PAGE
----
Absolute Truth - Inflexible Reality
"Absolute truth" is defined as inflexible reality: fixed, invariable, unalterable facts. For example, it is a fixed, invariable, unalterable fact that there are absolutely no square circles and there are absolutely no round squares.
Absolute Truth vs. Relativism
While absolute truth is a logical necessity, there are some religious orientations (atheistic humanists, for example) who argue against the existence of absolute truth. Humanism's exclusion of God necessitates moral relativism. Humanist John Dewey (1859-1952), co-author and signer of the Humanist Manifesto 1 (1933), declared, "There is no God and there is no soul. Hence, there are no needs for the props of traditional religion. With dogma and creed excluded, then immutable truth is also dead and buried. There is no room for fixed, natural law or moral absolutes." Humanists believe one should do, as one feels is right.
Absolute Truth - A Logical Necessity
You can't logically argue against the existence of absolute truth. To argue against something is to establish that a truth exists. You cannot argue against absolute truth unless an absolute truth is the basis of your argument. Consider a few of the classic arguments and declarations made by those who seek to argue against the existence of absolute truth
"There are no absolutes." First of all, the relativist is declaring there are absolutely no absolutes. That is an absolute statement. The statement is logically contradictory. If the statement is true, there is, in fact, an absolute - there are absolutely no absolutes.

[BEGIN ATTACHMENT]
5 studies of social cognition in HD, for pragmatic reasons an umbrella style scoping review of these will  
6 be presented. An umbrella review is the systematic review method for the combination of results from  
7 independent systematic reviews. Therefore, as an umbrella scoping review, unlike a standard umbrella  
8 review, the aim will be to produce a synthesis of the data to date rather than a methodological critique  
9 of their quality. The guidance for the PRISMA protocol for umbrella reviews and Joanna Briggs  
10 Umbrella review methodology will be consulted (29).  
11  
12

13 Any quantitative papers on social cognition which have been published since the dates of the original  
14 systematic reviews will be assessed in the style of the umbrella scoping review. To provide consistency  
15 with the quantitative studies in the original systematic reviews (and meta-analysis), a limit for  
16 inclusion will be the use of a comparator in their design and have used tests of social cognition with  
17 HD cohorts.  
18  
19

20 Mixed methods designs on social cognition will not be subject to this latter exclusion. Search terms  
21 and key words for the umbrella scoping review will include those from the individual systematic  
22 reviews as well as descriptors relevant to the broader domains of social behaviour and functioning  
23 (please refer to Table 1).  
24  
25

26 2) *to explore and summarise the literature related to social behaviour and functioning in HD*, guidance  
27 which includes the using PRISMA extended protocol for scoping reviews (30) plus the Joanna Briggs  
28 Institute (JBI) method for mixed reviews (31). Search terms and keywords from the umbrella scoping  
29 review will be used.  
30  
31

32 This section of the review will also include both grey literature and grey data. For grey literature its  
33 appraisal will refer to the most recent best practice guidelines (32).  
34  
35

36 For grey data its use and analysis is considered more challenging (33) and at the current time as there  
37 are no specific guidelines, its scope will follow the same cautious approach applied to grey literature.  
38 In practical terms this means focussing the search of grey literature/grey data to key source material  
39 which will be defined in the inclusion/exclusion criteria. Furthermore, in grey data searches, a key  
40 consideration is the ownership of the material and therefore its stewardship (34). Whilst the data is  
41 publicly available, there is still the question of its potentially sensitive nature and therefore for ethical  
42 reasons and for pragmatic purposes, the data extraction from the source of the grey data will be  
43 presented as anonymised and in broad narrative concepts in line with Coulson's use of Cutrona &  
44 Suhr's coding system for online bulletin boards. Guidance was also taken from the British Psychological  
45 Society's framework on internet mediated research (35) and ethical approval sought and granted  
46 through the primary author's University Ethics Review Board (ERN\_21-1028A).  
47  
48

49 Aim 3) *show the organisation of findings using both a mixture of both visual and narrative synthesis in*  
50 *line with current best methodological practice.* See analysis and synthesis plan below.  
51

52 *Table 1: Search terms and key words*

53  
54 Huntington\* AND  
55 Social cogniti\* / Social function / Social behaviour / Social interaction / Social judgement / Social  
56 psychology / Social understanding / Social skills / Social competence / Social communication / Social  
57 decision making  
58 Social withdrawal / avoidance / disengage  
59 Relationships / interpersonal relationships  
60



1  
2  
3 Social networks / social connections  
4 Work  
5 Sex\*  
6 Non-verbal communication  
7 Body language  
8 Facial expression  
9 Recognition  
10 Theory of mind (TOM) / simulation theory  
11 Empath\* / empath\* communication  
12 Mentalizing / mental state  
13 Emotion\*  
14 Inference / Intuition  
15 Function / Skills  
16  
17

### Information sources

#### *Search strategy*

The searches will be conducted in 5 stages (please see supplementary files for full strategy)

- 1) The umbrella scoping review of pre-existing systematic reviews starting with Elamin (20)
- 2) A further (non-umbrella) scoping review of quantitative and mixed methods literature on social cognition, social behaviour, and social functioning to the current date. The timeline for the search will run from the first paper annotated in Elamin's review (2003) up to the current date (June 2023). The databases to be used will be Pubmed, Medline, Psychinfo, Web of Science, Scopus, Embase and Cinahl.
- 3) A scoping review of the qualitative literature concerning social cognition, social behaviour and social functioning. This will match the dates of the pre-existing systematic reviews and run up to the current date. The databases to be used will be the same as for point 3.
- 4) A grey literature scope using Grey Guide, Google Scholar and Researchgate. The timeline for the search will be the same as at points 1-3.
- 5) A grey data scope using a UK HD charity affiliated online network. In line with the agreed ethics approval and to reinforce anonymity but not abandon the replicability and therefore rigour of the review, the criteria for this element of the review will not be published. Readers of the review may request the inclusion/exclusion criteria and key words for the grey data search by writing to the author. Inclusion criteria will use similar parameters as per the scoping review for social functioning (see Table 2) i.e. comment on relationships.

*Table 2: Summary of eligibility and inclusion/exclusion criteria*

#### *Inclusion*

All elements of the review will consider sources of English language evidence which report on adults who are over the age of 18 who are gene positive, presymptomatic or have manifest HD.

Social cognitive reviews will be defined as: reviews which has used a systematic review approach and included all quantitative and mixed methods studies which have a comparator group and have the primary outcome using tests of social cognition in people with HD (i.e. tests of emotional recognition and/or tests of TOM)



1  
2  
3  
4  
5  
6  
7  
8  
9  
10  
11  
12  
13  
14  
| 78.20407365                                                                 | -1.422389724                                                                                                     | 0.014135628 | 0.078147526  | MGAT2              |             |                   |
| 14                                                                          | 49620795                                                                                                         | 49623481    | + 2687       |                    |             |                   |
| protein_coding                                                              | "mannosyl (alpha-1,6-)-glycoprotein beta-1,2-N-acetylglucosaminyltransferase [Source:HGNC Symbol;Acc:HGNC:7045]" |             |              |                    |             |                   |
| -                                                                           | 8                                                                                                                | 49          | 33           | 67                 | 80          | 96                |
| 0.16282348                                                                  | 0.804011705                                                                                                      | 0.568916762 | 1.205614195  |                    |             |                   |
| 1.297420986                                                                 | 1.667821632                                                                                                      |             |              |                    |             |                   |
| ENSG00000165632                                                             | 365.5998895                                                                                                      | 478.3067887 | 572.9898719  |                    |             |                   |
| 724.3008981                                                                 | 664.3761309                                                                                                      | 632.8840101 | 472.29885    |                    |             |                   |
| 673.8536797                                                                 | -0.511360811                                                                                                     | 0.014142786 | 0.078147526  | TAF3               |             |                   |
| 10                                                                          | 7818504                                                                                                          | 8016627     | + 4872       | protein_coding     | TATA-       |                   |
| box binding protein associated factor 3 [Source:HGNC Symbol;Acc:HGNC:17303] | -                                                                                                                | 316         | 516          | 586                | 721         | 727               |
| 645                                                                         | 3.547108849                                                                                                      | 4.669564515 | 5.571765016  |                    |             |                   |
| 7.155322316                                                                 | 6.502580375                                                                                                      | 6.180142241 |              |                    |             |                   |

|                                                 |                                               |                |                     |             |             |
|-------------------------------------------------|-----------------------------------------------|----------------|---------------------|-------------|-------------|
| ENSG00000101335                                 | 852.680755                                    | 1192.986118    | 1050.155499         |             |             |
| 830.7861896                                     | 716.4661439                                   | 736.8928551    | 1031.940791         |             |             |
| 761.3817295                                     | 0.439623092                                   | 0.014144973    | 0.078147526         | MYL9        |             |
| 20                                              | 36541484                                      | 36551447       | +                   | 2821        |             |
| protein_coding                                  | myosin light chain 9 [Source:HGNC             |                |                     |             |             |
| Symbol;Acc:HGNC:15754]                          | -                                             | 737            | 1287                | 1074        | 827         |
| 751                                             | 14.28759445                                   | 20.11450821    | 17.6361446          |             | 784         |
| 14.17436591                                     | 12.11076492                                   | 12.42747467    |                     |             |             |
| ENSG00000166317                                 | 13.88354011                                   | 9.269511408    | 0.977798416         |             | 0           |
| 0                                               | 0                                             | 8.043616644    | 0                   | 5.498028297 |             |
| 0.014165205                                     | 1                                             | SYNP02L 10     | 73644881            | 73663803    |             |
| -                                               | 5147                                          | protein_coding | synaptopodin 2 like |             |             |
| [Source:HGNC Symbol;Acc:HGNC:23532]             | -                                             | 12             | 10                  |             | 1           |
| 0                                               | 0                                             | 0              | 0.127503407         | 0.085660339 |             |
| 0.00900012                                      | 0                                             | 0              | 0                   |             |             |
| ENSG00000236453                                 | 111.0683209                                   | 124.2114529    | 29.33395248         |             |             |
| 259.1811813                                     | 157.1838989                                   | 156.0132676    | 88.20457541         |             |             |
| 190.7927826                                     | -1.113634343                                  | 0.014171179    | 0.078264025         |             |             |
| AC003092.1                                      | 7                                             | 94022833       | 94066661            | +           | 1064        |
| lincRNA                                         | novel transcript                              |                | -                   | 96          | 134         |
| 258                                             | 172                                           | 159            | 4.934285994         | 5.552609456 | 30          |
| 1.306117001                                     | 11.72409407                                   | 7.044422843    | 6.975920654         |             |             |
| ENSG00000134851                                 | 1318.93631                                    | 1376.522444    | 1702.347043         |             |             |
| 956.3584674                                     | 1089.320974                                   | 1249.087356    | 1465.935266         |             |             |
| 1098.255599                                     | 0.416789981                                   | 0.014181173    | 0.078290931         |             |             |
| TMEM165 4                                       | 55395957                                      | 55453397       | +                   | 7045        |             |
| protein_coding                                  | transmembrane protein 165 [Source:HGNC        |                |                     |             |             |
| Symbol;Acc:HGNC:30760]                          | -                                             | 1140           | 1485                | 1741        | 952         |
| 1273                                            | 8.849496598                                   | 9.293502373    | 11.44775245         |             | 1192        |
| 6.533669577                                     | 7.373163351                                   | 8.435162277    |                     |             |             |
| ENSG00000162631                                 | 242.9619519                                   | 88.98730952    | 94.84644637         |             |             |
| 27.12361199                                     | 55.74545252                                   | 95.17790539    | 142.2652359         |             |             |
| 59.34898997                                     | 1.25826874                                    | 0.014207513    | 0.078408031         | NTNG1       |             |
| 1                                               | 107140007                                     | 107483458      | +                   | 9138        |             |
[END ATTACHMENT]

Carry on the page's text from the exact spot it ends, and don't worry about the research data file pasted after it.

"Truth is relative." Again, this is an absolute statement implying truth is absolutely relative. Besides positing an absolute, suppose the statement was true and "truth is relative." Everything including that statement would be relative. If a statement is relative, it is not always true. If "truth is relative" is not always true, sometimes truth is not relative. This means there are absolutes, which means the above statement is false. When you follow the logic, relativist arguments will always contradict themselves.
"Who knows what the truth is, right?" In the same sentence the speaker declares that no one knows what the truth is, then he turns around and asks those who are listening to affirm the truth of his statement.
"No one knows what the truth is." The speaker obviously believes his statement is true.
There are philosophers who actually spend countless hours toiling over thick volumes written on the "meaninglessness" of everything. We can assume they think the text is meaningful! Then there are those philosophy teachers who teach their students, "No one's opinion is superior to anyone else's. There is no hierarchy of truth or values. Anyone's viewpoint is just as valid as anyone else's viewpoint. We all have our own truth." Then they turn around and grade the papers!